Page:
Tag Archives: when is compost finished

Collecting Worm Castings…and the Other Stuff, Too.

Emptying the Worm Inn vermicomposting system is a breeze- check out the gorgeous castings!  I don’t miss my old worm bin at all.

The contaminants are pretty funny, too- a few fruit labels, a shredded envelope window, and some uncrushed eggshells didn’t make it.

Sifting out the extras is easy when using a basket with 1/4″ to 1/2″ spacing.

Are you getting the results you’d like with your worm bin or outdoor composting system?

Lots and Lots of Worm Poop – Now What?

worm inn castings 1

It’s been six months since I’ve emptied the Worm Inn system– I admit I forgot about the worms for a bit, but now I have a ton of castings.

Every time I empty the Worm Inn, I’m always so impressed with the quality of the castings compared to the results from a standard worm bin.

When looking at the outlying “contaminants”, it’s like looking back in time at mistakes that were made- as you can see, I have a few!

worm inn castings + contaminants 2

  1. I’m such a stickler about removing labels from fruit, but I guess I wasn’t on a few occasions.  Luckily, these are easy to spot.

2. All those plastic shreds were clearly from an envelope that has a plastic window.  I like to shred my paper, but I must have shredded a whole junk mail envelope without looking inside to remove a return envelope.  Whoops!

3. I read everywhere that worms like crushed egg shells… clearly I haven’t tried that yet.  I’m going to crush these egg shells as fine as I can and then throw them back in.

The screening process is pretty easy- Empty the castings until some unprocessed food or worms pop up, then throw them back in the top of the system and zip up the bottom.

I have a wire basket that I dump the castings through, which removes the larger pieces.

The resulting materials are those excellent castings we all yearn for… if you’re having any challenges with vermicomposting, the Worm Inn really makes the whole process pretty easy.

Video to come shortly.  🙂

Cured Compost Bin Nearly Ready to Empty!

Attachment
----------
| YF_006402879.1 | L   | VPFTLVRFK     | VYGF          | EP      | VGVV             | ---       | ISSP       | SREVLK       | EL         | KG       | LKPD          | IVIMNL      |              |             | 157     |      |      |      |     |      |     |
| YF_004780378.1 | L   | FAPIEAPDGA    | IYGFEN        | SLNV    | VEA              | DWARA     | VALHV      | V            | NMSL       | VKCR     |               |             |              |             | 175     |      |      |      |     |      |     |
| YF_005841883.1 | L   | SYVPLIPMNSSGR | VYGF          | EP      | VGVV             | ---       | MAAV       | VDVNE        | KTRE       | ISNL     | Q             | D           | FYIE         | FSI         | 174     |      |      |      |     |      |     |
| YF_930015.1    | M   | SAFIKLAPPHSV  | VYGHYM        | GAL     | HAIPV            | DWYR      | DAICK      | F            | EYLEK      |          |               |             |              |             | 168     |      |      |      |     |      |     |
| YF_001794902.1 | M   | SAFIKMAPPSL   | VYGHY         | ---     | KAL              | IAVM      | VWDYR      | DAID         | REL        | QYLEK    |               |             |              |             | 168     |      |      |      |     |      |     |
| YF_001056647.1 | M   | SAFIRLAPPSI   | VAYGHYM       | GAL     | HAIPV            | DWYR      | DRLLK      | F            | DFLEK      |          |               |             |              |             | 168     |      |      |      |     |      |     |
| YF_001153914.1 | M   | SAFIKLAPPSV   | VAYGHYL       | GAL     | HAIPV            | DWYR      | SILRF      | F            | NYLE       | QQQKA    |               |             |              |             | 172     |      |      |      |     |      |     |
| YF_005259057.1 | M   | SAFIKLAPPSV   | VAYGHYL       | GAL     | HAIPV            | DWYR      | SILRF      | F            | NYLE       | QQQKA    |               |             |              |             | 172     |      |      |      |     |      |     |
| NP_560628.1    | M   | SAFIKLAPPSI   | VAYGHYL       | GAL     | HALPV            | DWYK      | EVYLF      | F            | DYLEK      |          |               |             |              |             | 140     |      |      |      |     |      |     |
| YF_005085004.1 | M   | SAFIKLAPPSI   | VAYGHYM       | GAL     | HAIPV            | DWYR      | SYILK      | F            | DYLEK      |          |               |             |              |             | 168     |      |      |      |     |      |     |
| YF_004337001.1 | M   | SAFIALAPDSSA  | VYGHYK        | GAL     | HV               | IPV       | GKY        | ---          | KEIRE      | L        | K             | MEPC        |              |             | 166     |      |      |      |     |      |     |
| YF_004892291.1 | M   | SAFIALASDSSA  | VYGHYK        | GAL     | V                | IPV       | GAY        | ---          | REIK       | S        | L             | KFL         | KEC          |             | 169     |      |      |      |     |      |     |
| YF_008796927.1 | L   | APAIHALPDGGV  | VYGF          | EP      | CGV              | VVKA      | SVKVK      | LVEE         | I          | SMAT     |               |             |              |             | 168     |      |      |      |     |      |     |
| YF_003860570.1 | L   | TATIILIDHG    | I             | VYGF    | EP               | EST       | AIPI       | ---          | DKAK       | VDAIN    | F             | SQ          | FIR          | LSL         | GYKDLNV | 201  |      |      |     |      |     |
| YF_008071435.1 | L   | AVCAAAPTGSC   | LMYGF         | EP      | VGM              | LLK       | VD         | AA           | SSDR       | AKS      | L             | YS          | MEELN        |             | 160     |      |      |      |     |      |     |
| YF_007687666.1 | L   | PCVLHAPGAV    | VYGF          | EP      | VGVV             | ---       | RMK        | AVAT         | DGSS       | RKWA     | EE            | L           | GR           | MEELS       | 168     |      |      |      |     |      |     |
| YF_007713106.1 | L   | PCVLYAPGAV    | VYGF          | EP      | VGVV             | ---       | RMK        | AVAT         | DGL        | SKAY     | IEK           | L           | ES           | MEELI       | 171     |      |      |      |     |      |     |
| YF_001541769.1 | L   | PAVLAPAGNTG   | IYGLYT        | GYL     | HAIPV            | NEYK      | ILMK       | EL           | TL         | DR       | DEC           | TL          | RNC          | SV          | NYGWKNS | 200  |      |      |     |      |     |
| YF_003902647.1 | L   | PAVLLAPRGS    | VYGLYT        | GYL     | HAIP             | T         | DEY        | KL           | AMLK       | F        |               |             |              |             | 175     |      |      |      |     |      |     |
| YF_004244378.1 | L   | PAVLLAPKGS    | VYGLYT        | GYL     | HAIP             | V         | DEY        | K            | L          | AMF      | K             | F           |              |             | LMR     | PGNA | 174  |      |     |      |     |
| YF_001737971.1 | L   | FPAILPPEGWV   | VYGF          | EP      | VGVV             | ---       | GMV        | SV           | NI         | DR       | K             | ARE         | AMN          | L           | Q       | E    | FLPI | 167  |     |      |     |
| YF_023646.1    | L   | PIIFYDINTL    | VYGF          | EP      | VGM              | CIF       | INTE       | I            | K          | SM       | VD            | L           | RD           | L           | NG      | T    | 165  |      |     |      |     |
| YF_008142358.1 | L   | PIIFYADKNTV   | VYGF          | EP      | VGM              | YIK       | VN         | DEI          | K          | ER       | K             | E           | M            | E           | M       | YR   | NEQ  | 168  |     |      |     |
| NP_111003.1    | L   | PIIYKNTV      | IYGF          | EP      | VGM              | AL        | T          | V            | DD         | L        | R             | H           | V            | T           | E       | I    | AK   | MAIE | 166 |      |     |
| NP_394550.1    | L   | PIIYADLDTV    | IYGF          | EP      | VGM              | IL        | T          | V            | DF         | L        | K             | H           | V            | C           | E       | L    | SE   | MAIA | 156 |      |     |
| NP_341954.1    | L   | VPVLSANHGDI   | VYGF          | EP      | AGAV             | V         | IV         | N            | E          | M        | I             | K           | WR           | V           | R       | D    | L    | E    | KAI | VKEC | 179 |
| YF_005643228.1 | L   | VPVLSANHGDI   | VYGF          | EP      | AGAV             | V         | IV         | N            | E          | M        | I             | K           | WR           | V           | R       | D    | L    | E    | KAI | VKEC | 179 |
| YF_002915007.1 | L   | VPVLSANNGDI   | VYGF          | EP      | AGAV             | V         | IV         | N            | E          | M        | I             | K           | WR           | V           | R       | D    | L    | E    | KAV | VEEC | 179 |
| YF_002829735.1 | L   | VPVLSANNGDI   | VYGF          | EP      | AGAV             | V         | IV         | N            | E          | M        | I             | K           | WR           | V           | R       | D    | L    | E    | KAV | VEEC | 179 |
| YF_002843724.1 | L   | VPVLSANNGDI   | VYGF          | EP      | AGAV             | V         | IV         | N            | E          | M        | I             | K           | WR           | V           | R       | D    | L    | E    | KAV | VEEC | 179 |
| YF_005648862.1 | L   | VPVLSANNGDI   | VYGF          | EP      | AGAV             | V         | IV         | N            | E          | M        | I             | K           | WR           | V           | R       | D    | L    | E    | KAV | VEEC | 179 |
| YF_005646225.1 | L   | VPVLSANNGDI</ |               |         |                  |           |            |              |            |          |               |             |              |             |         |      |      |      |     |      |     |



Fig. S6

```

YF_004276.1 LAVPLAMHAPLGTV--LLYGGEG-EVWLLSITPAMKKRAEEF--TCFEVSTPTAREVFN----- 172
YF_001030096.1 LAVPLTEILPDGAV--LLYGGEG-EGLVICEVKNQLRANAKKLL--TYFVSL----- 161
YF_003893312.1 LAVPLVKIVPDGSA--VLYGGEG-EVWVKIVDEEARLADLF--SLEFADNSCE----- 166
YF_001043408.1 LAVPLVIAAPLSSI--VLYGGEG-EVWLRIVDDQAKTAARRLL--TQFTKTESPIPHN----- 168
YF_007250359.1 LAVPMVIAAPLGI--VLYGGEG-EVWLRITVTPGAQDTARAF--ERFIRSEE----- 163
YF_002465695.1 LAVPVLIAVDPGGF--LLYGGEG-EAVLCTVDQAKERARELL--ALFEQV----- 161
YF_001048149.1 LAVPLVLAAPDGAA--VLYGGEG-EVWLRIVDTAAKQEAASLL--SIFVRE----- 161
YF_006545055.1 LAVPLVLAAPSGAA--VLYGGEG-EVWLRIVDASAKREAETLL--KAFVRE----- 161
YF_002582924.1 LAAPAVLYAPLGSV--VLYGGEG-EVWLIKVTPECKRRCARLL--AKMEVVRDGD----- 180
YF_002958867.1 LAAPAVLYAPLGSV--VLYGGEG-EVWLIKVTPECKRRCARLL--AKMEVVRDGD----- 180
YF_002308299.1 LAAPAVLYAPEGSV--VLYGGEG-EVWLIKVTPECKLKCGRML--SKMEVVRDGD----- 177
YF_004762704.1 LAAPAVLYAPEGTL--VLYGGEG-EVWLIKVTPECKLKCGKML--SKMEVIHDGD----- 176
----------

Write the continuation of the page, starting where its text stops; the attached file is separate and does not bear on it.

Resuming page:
cured compost bin

It’s been about a year since I stopped adding to this compost bin and started a new one.

It’ll be interesting to see what all is in here besides finished compost.

I know I added plenty of paper products that most likely had a plastic liner sandwiched in between layers.

There’s also plenty of bags of leaf cleanup dumped in here, so there’s most likely some pieces of litter.

This doesn’t bother me.

The bottom line is I avoided the landfill with a massive portion of organic materials and now I will have some great compost, too.

When is Your Compost Ready to Use? (video)

When is Your Compost Ready to Use?

When is your compost ready to use? Some questions to ask yourself include:

How does it look?
Can you recognize any of the material?
How does it smell?
Is the material warm?

Here I have a few different samples of compost…vermicompost, tumbler compost, commercial compost, and trench compost.

What do you think of these samples?  I feel like my tumbler compost and vermicastings could both go even longer before using them, but that they’re still OK if I were to use them now.  In fact, I’m going to use these samples for my next “Clash of The Composts!” experiment coming soon… stay tuned!

Basic Gardening Tips: When is the Compost Pile Finished?

Basic Gardening Tips : When Is the Compost Pile Finished?

How long does the composting process take? How do you know when it’s finished?

These are two questions that have so many variables that it’s hard to answer succinctly.

You can expect 6 weeks as a quicker (and not normal) turnaround time, but more like several months and up to a year, depending on how often the material is turned, how shredded the content is, how balanced the pile is, etc.

To know when it’s finished is to look at it and not recognize anything in there. I like to run my finished material through a sieve to check and make sure i don’t have anything else lurking in there somewhere…it can happen.

In the video above, Tia talks about this and shows us what some finished material looks like. It should smell good, too.